I was away for Irene’s visit to Philly, but returned to find that my slope was mostly intact.
The precariously balancing trees I mentioned in my last post were still upright, and the smaller plants I put in around them hadn’t washed away. This summer I’ve been experimenting with perennials that can survive on a hill that’s hard to work on. The soil here is extremely barren, and the steep grade adds an additional challenge.
Gravity can be the nemesis of slope gardening. Woody plants are rigid enough to remain upright, but with their softer stems perennials and annuals have a propensity to break apart or topple over, particularly when heavy with flowers. There’s something disheartening about a flower stalk listing at an angle. The same can be said for the subsequent efforts gardeners make to truss the plants back upright. Stakes, cages, and twine- I might be tempted to go there on a flat piece of ground, but not someplace where I’m already nervous about having both hands free to catch myself if I start tumbling into the street.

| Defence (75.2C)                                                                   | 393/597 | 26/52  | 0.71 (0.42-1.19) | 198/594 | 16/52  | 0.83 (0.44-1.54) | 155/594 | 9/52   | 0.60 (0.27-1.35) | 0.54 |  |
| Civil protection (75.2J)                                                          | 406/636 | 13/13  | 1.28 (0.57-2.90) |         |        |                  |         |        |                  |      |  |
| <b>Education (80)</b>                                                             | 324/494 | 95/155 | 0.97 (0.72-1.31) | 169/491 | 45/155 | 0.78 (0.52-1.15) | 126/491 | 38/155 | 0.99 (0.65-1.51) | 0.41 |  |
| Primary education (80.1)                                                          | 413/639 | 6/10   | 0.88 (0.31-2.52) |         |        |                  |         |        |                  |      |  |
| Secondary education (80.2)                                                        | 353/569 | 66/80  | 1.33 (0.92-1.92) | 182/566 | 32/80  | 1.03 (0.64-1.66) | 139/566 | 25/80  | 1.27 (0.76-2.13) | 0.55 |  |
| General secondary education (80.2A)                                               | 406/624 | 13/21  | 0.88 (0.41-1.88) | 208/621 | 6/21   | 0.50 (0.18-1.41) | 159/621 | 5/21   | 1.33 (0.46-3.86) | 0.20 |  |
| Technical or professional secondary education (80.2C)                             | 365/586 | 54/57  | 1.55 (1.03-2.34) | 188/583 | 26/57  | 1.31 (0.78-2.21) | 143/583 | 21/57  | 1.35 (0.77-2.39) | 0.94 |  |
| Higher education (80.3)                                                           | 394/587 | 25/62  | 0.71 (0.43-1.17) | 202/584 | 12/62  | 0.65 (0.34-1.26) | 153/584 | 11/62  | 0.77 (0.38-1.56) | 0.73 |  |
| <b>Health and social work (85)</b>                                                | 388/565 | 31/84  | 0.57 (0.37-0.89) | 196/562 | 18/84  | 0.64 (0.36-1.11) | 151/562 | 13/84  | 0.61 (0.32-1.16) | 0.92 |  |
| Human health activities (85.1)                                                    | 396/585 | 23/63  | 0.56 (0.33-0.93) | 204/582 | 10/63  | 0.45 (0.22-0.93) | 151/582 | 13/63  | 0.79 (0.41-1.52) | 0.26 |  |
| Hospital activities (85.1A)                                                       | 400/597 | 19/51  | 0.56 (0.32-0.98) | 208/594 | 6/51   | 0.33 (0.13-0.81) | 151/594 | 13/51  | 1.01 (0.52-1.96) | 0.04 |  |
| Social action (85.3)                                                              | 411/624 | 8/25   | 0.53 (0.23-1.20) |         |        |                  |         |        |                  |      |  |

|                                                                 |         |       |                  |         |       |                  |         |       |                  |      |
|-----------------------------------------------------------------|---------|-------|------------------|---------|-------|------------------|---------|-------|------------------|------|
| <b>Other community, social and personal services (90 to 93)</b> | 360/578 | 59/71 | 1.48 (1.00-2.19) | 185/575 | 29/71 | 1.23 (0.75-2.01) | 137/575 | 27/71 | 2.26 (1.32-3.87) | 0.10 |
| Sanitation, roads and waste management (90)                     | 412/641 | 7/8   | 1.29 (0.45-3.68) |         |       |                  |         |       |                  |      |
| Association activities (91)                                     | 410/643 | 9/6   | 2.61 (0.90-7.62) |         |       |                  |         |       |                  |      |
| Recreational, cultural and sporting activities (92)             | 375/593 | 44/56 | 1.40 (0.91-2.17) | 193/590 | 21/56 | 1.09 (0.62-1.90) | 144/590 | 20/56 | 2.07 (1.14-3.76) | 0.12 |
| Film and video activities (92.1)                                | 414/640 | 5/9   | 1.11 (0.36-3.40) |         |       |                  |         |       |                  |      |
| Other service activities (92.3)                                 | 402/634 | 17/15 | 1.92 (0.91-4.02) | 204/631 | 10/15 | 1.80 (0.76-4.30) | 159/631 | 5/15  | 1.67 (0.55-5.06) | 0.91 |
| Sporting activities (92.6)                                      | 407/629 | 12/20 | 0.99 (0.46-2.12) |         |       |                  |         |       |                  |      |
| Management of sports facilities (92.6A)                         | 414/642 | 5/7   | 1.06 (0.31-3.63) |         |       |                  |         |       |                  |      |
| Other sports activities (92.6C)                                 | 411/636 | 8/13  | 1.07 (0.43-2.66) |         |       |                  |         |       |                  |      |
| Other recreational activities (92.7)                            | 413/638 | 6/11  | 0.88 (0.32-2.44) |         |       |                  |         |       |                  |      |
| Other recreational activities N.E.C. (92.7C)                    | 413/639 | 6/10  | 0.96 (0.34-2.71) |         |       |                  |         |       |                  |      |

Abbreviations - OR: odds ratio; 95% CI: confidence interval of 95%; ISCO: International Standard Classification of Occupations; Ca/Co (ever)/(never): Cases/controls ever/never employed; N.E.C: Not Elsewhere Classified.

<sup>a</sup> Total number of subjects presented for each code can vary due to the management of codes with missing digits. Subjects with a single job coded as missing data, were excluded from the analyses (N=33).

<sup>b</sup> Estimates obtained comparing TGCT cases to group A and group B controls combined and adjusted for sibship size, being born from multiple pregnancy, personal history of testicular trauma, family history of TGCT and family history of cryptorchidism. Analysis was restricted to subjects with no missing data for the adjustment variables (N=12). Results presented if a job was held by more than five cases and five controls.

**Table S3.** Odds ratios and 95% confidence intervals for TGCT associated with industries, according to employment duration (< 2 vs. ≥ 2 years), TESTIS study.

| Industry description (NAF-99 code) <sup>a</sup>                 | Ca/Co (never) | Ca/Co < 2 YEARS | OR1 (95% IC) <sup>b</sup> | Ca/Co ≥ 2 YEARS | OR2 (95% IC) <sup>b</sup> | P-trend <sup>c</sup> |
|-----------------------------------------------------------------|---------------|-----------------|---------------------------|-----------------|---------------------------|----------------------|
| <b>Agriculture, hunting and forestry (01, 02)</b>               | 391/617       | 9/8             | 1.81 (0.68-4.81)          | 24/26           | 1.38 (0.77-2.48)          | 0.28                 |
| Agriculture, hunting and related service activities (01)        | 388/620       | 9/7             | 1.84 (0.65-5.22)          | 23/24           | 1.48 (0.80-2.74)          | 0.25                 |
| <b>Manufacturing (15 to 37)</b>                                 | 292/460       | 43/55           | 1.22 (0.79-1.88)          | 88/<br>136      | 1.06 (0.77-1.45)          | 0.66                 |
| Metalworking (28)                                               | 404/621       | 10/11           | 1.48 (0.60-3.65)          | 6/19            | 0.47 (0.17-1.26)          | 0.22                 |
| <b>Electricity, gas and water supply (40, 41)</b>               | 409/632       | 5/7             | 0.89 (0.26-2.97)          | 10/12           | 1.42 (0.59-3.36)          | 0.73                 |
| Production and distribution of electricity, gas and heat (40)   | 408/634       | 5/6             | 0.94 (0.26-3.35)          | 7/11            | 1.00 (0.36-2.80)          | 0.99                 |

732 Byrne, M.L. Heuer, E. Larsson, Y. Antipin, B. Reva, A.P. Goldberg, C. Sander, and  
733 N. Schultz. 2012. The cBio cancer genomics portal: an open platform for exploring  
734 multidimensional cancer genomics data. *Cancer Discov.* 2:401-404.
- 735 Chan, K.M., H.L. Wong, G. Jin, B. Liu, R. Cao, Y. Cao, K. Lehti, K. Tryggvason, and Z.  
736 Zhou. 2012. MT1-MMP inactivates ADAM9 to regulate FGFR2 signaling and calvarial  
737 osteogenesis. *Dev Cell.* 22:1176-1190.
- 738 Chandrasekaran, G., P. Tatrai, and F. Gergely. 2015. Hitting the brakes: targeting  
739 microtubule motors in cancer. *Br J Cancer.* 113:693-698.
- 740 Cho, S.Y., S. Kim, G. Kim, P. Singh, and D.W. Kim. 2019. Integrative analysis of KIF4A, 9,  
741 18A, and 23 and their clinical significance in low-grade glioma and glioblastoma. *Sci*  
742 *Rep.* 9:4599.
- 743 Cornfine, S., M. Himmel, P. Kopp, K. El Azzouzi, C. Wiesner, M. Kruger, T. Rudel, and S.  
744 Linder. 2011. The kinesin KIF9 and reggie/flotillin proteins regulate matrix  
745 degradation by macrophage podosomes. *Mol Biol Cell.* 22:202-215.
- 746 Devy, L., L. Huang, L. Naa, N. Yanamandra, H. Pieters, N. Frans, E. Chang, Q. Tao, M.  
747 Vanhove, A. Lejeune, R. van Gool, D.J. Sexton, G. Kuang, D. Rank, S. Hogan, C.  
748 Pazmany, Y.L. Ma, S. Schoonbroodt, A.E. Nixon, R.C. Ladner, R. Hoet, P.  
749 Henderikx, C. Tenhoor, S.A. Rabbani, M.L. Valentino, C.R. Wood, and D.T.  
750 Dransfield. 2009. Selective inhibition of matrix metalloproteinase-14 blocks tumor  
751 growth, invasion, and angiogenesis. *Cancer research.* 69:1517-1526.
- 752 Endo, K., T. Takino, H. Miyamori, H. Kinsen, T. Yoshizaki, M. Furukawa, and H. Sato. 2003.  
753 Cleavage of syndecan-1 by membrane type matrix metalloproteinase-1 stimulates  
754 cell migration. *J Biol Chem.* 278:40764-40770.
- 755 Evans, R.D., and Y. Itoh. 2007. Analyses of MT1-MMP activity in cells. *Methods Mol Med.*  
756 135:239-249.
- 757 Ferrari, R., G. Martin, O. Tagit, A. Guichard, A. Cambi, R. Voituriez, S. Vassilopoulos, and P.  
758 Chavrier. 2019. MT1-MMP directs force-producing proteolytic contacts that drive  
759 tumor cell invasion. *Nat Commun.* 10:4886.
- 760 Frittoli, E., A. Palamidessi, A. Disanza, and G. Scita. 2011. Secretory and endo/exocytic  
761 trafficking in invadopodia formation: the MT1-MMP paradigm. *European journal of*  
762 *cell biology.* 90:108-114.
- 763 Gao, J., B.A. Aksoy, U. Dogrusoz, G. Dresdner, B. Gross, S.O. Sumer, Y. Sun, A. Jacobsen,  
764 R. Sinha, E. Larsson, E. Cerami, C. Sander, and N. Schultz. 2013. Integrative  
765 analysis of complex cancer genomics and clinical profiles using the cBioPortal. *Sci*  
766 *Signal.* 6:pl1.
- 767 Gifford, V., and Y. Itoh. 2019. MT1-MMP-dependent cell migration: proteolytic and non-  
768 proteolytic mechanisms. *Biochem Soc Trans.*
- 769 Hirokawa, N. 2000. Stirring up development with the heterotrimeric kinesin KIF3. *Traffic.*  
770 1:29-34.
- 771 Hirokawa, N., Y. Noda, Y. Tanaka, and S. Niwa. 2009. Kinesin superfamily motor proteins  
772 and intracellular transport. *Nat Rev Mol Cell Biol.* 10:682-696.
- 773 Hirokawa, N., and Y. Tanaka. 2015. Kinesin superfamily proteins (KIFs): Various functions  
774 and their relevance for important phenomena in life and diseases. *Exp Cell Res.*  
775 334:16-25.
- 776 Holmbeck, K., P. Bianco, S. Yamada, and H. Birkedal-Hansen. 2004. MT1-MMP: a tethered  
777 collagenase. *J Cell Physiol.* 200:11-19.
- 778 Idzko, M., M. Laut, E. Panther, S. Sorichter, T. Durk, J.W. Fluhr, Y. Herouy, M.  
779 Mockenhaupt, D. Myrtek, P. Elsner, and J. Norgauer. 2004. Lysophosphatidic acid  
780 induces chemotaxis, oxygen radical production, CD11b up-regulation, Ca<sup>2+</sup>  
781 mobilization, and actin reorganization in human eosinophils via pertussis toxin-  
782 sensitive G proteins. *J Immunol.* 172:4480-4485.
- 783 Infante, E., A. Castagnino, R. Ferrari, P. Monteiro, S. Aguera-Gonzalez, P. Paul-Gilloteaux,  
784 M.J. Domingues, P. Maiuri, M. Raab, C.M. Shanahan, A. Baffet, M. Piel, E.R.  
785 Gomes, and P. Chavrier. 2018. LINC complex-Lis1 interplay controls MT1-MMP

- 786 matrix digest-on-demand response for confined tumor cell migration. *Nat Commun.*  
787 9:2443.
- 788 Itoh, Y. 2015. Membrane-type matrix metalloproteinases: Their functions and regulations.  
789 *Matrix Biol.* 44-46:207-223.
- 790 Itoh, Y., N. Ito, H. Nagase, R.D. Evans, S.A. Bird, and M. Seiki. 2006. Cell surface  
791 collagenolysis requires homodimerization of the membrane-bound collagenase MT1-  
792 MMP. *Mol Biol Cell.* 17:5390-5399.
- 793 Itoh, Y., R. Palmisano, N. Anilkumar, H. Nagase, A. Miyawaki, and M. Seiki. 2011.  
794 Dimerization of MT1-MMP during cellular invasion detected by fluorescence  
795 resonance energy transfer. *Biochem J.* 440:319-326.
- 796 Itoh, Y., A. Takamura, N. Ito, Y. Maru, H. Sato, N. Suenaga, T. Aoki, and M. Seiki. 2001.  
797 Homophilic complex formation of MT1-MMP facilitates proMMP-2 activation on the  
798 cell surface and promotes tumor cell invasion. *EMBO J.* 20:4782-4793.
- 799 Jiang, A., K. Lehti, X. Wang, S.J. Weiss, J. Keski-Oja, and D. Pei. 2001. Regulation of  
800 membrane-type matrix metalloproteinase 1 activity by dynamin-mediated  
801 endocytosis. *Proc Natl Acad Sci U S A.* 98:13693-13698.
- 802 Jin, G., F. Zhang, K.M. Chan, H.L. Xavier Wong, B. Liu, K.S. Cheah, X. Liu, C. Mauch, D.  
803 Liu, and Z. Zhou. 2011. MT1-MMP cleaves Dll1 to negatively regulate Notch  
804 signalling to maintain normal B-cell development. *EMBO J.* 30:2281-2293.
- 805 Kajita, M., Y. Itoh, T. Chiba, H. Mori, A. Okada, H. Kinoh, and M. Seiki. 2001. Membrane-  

Over the years I’ve noticed that multi-stemmed plants fare better in steep locations than plants with one main branching stem, which tend to split at the joints when not resting on level ground. Sturdiness is a requirement, and this often is unrelated to the size of a plant. I’ve had success so far with the large native joe-pye weed staying upright, as well as various types of goldenrod. And now I’m trying a native black-eyed susan, Rudbeckis ‘Herbstonne’ that seems to be defying gravity, even as it reaches four feet tall.
Some of the other plants I’m using are shorter and meant to sprawl, so a sloped site is fine for them. Low asters, the small evening primrose ‘Fireworks’, and orange butterfly weed look good here. As do daylilies, the most common ornamental plant for steep grades. To my eye, daylilies are more effective on a hill than on flat ground.
So what were the flops? The bee balm I thought might look nice is now sprawled over the ground like a plate of limp spaghetti. The other failure so far is a short coreopsis. I did not heed my own advice, and this single stemmed plant broke apart right at the crown almost immediately.
How did your garden fare in our recent weather event? Any surprises, good or bad?